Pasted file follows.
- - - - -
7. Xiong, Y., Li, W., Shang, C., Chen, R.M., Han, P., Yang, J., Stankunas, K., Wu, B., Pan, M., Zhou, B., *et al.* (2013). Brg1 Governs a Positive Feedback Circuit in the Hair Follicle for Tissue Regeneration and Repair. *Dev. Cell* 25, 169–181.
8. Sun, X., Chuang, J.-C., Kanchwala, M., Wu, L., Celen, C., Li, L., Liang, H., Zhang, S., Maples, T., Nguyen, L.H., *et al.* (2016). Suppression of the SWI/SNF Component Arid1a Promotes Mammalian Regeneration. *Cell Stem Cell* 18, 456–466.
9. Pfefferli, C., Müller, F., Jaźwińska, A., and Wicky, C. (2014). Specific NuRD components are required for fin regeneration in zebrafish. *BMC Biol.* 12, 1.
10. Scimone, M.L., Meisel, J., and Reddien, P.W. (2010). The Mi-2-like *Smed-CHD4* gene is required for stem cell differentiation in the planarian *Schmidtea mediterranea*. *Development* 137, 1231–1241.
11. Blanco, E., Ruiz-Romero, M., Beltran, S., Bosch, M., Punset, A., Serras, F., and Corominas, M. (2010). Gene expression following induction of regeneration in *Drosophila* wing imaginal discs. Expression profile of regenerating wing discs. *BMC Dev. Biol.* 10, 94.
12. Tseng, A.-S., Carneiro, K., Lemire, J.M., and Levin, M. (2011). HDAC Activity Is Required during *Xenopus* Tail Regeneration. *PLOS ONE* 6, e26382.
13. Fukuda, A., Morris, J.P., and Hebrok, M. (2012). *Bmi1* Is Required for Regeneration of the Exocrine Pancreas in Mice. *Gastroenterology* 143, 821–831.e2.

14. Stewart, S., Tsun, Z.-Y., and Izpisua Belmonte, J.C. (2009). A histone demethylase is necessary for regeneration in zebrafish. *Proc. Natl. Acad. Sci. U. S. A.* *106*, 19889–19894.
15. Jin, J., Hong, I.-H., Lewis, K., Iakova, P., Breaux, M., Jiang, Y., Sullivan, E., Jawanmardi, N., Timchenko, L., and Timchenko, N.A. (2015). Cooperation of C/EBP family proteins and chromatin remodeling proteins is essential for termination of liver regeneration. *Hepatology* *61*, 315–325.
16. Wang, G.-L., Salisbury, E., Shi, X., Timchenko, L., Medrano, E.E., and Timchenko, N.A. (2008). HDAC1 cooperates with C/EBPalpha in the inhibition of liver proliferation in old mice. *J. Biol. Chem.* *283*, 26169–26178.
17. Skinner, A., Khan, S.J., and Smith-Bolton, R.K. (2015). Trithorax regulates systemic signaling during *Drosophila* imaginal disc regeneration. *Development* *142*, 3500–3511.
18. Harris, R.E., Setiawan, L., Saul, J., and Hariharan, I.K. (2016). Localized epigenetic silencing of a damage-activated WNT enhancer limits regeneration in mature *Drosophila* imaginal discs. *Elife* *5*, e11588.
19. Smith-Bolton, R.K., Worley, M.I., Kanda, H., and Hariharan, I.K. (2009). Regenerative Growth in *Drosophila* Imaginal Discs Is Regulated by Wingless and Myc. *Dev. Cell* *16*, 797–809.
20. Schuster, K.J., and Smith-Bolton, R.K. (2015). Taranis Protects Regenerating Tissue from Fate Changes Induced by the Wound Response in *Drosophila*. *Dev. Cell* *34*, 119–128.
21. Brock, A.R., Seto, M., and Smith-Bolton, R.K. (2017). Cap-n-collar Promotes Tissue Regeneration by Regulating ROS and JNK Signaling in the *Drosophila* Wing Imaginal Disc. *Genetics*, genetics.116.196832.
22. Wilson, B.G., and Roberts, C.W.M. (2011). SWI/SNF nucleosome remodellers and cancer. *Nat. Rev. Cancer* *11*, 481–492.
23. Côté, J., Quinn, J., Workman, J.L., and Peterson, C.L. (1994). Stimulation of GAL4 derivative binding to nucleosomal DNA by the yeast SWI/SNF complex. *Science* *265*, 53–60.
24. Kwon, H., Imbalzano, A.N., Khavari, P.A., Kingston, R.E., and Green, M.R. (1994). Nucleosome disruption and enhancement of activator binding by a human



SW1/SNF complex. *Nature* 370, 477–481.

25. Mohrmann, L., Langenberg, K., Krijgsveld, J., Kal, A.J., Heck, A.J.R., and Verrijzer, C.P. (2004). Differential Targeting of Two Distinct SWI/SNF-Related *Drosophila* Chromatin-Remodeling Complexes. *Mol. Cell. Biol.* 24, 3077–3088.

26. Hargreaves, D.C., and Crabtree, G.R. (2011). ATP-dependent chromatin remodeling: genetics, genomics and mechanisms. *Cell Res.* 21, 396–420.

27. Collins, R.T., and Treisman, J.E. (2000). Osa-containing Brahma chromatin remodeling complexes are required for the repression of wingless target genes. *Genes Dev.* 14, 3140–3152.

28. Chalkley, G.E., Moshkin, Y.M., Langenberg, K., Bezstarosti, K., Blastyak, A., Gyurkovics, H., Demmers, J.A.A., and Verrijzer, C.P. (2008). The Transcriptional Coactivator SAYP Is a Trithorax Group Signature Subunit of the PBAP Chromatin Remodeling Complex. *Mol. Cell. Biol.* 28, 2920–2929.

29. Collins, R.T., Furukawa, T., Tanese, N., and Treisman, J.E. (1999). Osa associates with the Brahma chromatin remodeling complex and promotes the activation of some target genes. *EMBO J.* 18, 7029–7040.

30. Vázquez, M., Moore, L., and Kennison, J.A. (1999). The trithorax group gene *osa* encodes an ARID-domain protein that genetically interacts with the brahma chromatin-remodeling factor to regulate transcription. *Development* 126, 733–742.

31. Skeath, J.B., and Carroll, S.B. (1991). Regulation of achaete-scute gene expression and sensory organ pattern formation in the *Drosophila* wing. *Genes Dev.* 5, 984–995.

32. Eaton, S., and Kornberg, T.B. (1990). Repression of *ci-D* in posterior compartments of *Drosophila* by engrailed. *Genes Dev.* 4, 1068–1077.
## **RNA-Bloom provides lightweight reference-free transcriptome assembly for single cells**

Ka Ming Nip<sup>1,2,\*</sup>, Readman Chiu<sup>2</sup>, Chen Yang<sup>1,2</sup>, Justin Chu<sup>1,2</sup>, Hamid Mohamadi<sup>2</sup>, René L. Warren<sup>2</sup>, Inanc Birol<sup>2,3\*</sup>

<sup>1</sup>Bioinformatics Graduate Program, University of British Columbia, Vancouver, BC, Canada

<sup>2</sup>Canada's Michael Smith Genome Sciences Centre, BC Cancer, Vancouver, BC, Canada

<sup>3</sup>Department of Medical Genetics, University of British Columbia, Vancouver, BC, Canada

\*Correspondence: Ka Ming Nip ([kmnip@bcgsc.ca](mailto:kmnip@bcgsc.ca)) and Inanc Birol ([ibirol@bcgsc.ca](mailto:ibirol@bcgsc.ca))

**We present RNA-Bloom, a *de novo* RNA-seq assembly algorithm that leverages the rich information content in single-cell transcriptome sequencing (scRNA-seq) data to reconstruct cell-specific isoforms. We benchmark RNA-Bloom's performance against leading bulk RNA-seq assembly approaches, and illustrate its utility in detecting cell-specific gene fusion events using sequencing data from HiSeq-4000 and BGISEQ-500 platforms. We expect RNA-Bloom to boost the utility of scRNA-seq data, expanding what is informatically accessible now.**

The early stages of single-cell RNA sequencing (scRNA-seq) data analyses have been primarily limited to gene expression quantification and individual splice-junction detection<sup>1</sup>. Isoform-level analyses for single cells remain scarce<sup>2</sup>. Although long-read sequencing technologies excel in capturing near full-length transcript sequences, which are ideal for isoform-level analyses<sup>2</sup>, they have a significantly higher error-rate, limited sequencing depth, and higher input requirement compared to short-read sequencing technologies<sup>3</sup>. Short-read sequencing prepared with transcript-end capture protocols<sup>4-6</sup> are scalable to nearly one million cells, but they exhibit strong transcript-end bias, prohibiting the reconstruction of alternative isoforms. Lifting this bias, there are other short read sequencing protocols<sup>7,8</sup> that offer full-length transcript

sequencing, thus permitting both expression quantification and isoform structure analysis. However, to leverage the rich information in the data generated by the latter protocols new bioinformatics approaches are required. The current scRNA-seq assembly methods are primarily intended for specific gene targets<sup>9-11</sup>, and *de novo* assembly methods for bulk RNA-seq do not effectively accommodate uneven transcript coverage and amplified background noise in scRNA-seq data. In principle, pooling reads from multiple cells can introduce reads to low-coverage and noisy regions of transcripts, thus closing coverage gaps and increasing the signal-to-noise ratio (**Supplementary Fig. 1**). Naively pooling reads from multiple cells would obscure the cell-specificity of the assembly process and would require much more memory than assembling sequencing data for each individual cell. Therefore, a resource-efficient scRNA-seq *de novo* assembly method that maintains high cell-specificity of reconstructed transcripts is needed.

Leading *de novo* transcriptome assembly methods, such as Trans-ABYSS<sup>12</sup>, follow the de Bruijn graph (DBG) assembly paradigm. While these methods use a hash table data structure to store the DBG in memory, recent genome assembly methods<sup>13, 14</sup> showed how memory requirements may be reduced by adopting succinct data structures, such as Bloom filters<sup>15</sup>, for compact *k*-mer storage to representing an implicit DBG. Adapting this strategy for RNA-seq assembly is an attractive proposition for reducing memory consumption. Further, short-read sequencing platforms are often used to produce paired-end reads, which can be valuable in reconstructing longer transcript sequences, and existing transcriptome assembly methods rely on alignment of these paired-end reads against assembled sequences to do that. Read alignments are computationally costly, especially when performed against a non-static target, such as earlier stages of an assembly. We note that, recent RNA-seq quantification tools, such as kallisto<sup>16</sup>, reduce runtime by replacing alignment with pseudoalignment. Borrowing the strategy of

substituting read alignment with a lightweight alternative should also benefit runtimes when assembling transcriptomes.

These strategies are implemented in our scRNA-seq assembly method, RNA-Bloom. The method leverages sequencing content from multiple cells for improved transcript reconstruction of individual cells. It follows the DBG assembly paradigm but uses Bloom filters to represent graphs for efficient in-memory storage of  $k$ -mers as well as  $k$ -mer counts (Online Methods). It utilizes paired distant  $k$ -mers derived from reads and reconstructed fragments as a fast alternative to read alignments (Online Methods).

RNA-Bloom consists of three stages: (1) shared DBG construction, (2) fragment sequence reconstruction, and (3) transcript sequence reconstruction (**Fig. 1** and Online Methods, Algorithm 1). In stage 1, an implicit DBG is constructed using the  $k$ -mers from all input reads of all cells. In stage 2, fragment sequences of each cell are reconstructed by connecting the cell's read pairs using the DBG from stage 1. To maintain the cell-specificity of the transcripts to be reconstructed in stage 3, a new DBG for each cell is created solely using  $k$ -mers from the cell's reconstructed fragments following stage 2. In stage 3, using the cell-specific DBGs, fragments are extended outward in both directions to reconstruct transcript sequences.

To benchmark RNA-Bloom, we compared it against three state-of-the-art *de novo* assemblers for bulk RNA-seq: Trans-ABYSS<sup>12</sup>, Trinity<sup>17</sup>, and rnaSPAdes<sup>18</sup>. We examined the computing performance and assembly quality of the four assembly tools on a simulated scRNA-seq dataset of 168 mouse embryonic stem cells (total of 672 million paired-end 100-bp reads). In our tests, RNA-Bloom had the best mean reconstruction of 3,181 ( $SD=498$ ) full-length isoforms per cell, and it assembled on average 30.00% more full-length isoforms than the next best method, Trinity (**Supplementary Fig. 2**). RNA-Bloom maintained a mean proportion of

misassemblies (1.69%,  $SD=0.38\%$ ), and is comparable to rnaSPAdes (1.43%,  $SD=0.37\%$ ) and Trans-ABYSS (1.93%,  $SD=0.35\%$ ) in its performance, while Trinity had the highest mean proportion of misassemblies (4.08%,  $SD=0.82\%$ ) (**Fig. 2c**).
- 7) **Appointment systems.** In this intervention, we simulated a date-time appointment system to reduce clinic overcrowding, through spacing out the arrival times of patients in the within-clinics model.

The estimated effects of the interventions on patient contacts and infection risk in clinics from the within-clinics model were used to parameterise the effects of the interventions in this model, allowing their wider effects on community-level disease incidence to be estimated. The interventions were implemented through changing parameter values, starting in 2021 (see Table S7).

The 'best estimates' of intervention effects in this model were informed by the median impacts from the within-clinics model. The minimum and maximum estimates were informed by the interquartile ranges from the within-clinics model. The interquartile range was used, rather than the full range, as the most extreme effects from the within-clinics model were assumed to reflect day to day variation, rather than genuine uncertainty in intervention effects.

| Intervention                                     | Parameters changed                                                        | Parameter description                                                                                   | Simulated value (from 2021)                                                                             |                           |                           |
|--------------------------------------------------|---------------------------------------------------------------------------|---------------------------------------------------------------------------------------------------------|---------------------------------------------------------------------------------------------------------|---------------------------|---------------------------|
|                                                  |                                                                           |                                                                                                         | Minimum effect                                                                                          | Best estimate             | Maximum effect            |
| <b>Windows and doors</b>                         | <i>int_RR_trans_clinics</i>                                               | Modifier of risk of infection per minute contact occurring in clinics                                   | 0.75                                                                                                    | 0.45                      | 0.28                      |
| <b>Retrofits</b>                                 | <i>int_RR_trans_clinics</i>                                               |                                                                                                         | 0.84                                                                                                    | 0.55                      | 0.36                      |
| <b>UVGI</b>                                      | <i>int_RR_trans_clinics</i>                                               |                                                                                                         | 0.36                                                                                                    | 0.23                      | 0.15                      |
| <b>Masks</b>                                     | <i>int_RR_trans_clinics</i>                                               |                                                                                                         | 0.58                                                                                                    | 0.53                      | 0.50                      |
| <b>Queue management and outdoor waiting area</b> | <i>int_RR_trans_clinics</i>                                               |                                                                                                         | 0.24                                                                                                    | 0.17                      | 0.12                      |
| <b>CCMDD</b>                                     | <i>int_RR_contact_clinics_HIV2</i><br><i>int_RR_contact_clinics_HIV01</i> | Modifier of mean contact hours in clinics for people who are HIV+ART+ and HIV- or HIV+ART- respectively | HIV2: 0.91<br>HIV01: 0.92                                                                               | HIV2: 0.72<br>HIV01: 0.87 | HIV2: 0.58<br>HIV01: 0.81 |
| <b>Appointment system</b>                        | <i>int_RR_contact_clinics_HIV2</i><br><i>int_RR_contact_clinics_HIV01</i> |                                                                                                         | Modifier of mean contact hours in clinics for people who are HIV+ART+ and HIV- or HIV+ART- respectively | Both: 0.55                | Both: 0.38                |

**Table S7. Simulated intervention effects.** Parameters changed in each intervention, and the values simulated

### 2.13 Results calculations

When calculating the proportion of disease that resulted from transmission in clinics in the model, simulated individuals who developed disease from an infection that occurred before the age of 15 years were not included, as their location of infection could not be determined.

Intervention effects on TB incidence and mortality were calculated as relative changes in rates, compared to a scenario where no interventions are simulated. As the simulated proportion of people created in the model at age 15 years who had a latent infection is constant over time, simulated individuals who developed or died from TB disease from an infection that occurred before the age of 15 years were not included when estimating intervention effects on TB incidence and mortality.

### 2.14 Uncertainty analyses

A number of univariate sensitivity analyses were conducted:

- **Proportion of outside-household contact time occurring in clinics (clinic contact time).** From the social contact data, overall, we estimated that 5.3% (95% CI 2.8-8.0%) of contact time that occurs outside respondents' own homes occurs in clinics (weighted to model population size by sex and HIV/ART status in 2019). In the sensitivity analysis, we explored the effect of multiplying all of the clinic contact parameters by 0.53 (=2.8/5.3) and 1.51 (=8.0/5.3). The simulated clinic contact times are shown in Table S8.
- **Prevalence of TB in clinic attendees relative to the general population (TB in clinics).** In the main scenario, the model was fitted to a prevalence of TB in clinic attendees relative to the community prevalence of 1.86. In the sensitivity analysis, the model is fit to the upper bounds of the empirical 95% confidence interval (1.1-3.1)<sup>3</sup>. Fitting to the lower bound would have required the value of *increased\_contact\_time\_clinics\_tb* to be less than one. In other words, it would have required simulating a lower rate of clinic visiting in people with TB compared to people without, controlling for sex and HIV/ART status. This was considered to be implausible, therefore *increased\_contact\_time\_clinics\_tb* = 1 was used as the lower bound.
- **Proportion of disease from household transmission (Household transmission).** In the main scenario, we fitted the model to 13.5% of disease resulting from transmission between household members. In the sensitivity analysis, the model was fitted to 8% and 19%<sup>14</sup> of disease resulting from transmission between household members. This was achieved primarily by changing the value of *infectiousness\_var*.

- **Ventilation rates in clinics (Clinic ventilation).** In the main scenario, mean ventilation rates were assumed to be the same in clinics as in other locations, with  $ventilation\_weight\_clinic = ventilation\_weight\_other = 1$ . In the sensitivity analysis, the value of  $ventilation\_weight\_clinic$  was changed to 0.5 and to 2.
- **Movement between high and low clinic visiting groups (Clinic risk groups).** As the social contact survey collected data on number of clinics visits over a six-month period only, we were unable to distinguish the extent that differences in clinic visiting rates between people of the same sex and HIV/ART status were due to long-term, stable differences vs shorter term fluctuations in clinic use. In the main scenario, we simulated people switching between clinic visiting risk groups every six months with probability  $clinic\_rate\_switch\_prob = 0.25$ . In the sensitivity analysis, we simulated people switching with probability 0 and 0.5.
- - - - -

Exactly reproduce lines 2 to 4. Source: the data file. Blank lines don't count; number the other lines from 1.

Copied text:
8. Sun, X., Chuang, J.-C., Kanchwala, M., Wu, L., Celen, C., Li, L., Liang, H., Zhang, S., Maples, T., Nguyen, L.H., *et al.* (2016). Suppression of the SWI/SNF Component Arid1a Promotes Mammalian Regeneration. *Cell Stem Cell* 18, 456–466.
9. Pfefferli, C., Müller, F., Jaźwińska, A., and Wicky, C. (2014). Specific NuRD components are required for fin regeneration in zebrafish. *BMC Biol.* 12, 1.
10. Scimone, M.L., Meisel, J., and Reddien, P.W. (2010). The Mi-2-like *Smed-CHD4* gene is required for stem cell differentiation in the planarian *Schmidtea mediterranea*. *Development* 137, 1231–1241.